Where They Are Now

Bestselling author (and former Fonz)

Henry Winkler, 28 years after Fonzie.

USA Network via Getty Images

USA Network via Getty Images

Despite having dyslexia, Henry Winkler ’70MFA has coauthored a series of successful children's books. View full image

Henry Winkler ’70MFA is coauthor, with Lin Oliver, of the bestselling Hank Zipzer series of children’s books—in which the main character, like Winkler, has dyslexia—and of the new Ghost Buddy series. Best known for his role as Fonzie on the 1970s television comedy Happy Days, he currently appears in the television series Childrens Hospital on Adult Swim and Royal Pains on USA. He stars in the upcoming film Here Comes the Boom.

Y: What impact did Yale have on your career?

W: I have used every morsel of what was given to me in drama, speech, dance, movement. It stays with you: the training, the struggle, the whole gestalt. When I did Happy Days, I used everything—the commedia dell’arte, the movement, the acting. We had teachers from the “poor theater” movement in Poland, which is about doing theater from nothing and speaking through your entire body as opposed to just your voice. I used that and all my movement training in the episode when Mork put a spell on the Fonz.

Y: You weren’t diagnosed with dyslexia until your 30s. What were your coping strategies?

W: I was told I was stupid, and that tests would “prove” it. I had an inability to focus, so I covered everything with humor. I couldn’t stop talking even during major rehearsals. Then at Yale, one of the professional actors came up to me and said, “I’m going to punch you in the mouth if you don’t shut up. This is serious business.” That one sentence was worth a lifetime.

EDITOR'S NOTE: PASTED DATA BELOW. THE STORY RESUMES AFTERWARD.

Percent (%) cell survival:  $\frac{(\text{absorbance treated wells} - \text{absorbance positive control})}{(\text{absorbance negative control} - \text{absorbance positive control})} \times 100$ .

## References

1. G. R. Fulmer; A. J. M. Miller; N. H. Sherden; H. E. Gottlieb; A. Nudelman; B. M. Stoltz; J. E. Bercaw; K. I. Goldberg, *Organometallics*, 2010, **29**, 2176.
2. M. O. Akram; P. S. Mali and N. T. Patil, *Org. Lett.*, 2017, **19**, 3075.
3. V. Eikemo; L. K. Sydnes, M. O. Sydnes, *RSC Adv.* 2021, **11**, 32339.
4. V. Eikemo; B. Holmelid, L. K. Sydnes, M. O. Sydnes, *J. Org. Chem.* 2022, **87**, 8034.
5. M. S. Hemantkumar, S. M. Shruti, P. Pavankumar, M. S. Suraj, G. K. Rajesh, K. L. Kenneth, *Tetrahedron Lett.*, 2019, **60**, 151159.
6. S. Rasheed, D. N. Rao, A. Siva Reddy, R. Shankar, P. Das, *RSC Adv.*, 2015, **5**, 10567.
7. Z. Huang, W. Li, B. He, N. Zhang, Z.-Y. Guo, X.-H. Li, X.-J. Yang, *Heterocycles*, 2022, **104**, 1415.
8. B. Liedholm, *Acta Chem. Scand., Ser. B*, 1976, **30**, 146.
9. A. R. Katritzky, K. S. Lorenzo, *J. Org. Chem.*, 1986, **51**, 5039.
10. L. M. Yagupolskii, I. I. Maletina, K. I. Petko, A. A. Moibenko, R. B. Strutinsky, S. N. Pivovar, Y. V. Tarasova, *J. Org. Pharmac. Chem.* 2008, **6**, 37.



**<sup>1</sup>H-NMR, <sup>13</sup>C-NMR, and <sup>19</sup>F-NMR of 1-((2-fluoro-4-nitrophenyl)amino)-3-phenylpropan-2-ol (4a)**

Y: How did you become an advocate for children with learning disabilities?

W: It just kind of evolved. I started talking publicly as part of making a living. I would include in my story learning about my dyslexia, how it affected me, and how I found the humor in that. It was amazing how many people in the audience would say to me, “That’s me. That’s my husband, child, brother, sister.”

Y: And the Hank Zipzer books?

W: After Happy Days, Alan Berger [Winkler’s agent] suggested I write books for kids. And I said, “I can’t do that, because I’m stupid.” A year later he made the same suggestion and I was smart enough at least to try. I went from thinking I could never do this, I’m not even going to try, to 20 books.

Y: What kind of advice do you give to adults for dealing with kids with learning disabilities?

W: A lot of children fall through the cracks because some adult has not figured out how to relate. I found with my own children, if you slow down, the child will tell you exactly what it is they need at that moment.

Y: I’ve got to ask: in an episode of Happy Days you “jumped the shark,” which years later became an expression referring to when a TV show starts to decline. What’s it like to have your own iconic moment?

W: First, every time they mention the phrase “jump the shark” they put a picture of me on water skis in the paper. The other thing is, we were number one for I think the next five years after that episode. So it really doesn’t matter what anyone says about it. 


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